Abyssal hills form at mid-ocean ridges, such as the Mid-Atlantic Ridge (shown). Some researchers had suggested that these hills also record the influence of climate cycles on sea floor eruptions—but a new study finds this tectonically unlikely.

Abyssal hills form at mid-ocean ridges, such as the Mid-Atlantic Ridge (shown). Some researchers had suggested that these hills also record the influence of climate cycles on sea floor eruptions—but a new study finds this tectonically unlikely.

NCEI/NOAA

Climate cycles didn’t shape ocean’s abyssal hills

Can Earth’s ice ages be seen in the undulating fabric of the sea floor? Earlier this year, a pair of papers suggested that long-term cycles of glaciation and melting trigger pulses of lava that harden into sea floor hills. But now, a new study throws cold water on that hypothesis, finding that these climate-driven pulses did not significantly shape the sea floor. Instead, they say, the underwater hills likely come from faulting action and steady—rather than climate-driven—magma eruptions.

“The main point is that the crustal bathymetry is complex,” says David Lund, a paleoceanographer at the University of Connecticut, Avery Point, who was not involved with the study. With so many processes shaping the sea floor, he says, climate-related signals are extremely difficult to detect.

A map of Earth’s ocean floor reveals a jagged landscape of tall mid-ocean ridges flanked by a rippling series of smaller hills and grooves. These so-called abyssal hills, some a few hundred meters high, are the most abundant topographic feature on Earth, covering about a third of the ocean floor. Given their ubiquity, geologists have long tried to understand their origin. They have, of course, long known that mid-ocean ridges are the birthplace of new sea floor. As two tectonic plates pull apart, magma wells into the gap, cooling into new rock that is then dragged away from the ridge. Then, as the crust stretches and cools, it cracks, forming faults that allow up-and-down movement. Some scientists have argued that this process alone is sufficient to produce the rugged terrain at most ridges. But others say that periodic fluctuations in magma volume can also help make the abyssal hills.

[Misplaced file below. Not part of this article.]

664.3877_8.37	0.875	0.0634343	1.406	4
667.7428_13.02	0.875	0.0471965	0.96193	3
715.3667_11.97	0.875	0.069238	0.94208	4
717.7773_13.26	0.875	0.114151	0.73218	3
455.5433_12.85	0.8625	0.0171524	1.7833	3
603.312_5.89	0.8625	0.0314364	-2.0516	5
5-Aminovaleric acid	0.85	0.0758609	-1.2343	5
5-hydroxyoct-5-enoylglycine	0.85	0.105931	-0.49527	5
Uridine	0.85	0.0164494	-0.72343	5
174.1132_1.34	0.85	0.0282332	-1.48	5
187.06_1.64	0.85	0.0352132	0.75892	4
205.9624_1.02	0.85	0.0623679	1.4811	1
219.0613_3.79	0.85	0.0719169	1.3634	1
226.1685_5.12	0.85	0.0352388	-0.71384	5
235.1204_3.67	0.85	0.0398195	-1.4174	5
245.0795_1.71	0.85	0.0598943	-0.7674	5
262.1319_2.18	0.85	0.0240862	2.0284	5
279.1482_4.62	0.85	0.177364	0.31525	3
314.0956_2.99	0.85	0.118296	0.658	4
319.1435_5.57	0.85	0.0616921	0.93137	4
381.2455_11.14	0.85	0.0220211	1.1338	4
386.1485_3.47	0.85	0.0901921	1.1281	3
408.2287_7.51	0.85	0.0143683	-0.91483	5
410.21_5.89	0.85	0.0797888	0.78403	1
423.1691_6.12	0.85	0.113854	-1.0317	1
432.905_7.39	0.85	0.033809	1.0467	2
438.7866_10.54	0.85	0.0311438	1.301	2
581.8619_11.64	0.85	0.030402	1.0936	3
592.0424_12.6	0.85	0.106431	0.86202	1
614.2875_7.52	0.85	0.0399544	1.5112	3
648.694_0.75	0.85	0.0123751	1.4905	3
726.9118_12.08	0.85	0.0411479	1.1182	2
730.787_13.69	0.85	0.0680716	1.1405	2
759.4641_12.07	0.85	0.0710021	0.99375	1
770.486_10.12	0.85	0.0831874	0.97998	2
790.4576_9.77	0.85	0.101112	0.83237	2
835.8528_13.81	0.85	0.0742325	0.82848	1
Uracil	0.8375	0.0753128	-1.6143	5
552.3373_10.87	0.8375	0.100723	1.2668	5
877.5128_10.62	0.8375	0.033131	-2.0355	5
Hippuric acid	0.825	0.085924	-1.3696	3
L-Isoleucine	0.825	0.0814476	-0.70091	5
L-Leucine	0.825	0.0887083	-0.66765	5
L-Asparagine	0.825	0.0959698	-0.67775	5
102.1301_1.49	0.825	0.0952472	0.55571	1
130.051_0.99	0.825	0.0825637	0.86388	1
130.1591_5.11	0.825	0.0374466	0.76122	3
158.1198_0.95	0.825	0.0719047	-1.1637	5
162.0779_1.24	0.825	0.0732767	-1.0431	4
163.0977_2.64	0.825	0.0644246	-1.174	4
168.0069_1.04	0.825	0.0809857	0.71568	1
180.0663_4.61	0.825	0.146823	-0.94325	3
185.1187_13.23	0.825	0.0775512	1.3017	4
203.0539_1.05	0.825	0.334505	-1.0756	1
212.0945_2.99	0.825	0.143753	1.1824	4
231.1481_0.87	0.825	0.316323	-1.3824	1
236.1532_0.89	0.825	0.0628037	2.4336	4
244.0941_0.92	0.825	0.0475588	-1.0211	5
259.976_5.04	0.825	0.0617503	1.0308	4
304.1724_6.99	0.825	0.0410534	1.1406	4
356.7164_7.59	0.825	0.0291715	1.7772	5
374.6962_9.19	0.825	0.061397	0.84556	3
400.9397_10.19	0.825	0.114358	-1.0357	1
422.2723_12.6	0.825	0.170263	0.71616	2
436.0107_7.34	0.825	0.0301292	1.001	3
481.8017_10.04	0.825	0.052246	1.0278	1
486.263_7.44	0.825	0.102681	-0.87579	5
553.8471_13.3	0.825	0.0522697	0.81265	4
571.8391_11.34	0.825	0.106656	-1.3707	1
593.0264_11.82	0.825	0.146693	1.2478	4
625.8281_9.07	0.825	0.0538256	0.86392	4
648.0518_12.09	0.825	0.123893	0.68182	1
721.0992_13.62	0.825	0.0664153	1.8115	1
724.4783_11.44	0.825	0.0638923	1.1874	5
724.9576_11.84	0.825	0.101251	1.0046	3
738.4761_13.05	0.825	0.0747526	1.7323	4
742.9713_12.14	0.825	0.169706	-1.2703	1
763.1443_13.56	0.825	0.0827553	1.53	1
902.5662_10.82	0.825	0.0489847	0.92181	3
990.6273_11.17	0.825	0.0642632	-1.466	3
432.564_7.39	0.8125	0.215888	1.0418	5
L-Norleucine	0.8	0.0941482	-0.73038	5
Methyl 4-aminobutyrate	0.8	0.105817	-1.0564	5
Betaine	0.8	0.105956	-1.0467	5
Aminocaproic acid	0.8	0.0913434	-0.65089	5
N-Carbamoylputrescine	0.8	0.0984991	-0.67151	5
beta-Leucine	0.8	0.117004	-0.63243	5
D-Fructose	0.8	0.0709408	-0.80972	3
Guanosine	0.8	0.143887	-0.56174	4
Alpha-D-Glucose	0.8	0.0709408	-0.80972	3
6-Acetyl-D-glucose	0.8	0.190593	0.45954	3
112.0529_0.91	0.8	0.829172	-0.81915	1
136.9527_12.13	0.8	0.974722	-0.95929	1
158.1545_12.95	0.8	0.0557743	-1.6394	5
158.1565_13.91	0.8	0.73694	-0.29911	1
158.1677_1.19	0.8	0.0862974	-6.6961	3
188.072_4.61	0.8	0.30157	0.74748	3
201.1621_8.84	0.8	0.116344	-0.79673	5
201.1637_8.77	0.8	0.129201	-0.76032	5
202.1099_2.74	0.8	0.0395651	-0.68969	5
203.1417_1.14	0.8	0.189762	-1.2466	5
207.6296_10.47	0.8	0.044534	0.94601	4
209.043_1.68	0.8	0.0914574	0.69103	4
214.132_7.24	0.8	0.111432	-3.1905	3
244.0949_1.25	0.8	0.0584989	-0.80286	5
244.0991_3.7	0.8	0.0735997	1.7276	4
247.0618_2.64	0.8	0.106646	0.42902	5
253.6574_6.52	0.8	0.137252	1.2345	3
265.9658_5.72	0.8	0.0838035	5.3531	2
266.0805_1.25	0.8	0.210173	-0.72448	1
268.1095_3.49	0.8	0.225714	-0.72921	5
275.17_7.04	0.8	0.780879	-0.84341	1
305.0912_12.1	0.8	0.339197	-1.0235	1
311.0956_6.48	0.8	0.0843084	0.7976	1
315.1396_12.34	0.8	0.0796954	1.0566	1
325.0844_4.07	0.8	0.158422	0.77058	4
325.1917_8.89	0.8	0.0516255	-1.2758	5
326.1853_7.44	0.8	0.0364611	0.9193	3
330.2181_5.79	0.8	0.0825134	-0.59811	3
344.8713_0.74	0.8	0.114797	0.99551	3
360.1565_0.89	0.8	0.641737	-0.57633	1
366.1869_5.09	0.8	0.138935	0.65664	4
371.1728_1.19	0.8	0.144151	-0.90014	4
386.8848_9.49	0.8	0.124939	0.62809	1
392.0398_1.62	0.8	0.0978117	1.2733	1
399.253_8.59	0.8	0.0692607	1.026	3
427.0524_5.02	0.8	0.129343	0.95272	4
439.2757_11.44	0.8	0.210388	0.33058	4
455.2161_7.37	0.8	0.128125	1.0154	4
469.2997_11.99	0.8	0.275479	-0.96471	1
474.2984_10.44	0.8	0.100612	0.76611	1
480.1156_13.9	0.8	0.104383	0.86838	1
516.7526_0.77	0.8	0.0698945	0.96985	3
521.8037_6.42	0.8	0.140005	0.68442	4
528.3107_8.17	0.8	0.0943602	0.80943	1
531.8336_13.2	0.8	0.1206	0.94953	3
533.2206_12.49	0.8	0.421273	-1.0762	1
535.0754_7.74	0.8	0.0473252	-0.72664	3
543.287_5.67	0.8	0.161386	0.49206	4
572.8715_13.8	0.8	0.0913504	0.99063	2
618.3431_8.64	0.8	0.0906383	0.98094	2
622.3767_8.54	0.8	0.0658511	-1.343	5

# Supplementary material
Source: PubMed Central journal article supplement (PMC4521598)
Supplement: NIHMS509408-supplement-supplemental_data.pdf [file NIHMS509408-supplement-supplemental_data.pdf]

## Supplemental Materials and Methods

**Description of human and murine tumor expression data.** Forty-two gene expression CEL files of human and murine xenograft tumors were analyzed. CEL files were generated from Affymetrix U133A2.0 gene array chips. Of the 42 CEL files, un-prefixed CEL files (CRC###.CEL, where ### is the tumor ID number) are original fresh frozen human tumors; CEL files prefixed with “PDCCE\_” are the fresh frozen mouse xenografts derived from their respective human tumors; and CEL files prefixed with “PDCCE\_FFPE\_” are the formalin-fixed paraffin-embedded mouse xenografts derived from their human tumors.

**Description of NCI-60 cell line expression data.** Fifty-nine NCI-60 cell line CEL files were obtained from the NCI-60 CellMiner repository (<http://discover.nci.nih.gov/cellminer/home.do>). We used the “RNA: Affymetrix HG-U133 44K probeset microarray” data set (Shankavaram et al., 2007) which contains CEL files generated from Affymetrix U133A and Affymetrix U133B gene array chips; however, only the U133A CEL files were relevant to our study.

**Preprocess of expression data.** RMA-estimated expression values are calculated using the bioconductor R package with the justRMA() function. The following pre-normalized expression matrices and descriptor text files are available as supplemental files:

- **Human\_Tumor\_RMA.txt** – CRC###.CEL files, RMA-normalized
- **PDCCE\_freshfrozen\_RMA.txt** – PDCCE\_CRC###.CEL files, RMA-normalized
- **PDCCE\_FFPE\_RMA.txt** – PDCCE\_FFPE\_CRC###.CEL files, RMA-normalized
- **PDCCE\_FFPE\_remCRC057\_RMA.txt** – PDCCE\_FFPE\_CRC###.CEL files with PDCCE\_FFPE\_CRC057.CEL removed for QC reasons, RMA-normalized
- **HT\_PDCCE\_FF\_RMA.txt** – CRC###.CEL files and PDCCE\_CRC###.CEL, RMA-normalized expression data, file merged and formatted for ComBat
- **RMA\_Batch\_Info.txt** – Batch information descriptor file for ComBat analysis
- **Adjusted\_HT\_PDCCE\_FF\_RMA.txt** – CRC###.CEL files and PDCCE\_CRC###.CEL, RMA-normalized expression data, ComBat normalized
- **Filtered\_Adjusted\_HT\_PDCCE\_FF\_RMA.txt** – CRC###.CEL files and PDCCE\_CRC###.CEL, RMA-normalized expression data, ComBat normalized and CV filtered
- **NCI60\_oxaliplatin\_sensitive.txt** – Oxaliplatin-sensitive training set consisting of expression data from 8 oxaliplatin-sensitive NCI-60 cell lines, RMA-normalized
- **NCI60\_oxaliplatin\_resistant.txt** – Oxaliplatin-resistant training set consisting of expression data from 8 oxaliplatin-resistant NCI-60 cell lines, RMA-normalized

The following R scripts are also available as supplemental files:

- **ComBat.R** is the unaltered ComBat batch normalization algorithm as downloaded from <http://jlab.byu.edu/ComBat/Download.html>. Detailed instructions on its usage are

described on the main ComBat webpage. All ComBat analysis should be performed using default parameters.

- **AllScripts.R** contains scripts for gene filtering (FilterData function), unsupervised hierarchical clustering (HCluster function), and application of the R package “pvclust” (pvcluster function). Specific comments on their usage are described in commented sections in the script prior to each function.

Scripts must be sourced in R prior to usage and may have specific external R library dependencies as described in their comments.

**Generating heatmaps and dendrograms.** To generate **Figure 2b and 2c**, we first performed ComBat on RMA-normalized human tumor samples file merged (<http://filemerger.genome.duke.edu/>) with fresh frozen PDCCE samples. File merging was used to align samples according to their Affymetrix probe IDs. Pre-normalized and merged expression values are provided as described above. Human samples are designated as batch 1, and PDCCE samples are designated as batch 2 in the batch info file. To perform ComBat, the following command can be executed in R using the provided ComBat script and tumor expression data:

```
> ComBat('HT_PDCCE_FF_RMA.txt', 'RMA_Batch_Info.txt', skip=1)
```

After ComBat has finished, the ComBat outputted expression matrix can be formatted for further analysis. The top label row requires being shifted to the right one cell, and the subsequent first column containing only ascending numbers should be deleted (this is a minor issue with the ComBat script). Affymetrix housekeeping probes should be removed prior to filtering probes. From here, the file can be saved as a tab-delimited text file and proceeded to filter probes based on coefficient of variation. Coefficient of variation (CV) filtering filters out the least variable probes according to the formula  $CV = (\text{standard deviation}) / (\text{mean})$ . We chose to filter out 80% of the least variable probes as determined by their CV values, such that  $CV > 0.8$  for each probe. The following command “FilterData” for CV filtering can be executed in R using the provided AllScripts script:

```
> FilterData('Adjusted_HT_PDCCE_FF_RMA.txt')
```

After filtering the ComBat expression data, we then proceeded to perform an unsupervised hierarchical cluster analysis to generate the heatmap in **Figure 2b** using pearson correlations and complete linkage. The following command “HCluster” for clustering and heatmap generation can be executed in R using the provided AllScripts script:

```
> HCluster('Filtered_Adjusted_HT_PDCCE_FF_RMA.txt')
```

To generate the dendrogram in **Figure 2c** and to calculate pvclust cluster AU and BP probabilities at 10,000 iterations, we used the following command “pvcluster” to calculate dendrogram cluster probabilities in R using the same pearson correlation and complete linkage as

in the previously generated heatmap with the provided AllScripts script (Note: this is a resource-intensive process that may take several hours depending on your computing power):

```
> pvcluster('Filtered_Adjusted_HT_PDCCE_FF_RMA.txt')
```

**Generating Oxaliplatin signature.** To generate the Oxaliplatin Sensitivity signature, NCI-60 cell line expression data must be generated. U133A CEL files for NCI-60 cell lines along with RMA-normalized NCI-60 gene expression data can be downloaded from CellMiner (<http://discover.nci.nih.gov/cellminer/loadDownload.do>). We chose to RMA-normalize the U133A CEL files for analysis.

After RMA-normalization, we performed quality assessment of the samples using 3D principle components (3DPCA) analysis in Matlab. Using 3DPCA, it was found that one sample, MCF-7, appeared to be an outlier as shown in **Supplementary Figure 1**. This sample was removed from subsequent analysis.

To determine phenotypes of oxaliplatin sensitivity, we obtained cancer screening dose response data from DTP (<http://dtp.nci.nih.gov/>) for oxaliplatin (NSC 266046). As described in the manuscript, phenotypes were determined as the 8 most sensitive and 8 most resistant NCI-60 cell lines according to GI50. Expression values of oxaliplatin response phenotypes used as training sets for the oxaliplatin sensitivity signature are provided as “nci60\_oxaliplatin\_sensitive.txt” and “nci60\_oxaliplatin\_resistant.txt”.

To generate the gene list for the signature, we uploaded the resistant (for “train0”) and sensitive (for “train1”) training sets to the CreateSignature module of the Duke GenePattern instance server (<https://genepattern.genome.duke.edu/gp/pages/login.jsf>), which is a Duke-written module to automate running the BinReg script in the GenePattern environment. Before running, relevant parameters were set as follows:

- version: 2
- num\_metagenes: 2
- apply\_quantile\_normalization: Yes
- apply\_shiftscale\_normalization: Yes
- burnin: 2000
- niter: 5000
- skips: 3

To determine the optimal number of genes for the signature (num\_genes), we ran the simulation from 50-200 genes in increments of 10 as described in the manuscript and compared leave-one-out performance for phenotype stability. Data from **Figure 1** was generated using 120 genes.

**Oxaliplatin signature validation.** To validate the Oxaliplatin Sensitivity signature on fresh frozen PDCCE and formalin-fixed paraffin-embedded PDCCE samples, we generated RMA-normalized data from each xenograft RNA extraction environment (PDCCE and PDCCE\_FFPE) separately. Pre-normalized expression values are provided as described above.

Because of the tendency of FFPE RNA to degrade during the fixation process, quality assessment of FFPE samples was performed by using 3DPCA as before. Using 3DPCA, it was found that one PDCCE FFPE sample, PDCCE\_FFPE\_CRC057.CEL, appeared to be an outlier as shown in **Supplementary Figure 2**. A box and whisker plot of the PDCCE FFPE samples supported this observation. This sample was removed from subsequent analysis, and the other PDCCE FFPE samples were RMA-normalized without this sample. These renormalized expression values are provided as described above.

Earlier this year, two papers—one published in Science and the other in Geophysical Review Letters—added a new wrinkle to the debate. They suggested that long-term climate cycles could be modulating the amount of magma erupting on the sea floor. As glaciers grew and retreated, sea levels rose and fell. Those massive fluctuations in pressure would drive periodic pulses of magma to erupt. The Science paper further suggested the distribution of hills at one mid-ocean ridge could be matched with three well-known climate cycles—the Milankovitch cycles—that take place every 23,000, 41,000, and 100,000 years. These Milankovitch cycles are tied to Earth’s wobbly orbital axis, its oscillating axial tilt, and its orbital eccentricity.

Jean-Arthur Olive

But Jean-Arthur Olive, a geodynamicist at Columbia University and lead author of the new paper, doubted that seafloor topography would be sensitive enough to record such relatively rapid changes in magma supply. Even long-term climate cycles are short relative to geologic time, where “we’re talking about hundreds of thousands to millions of years for plate tectonics,” Olive says.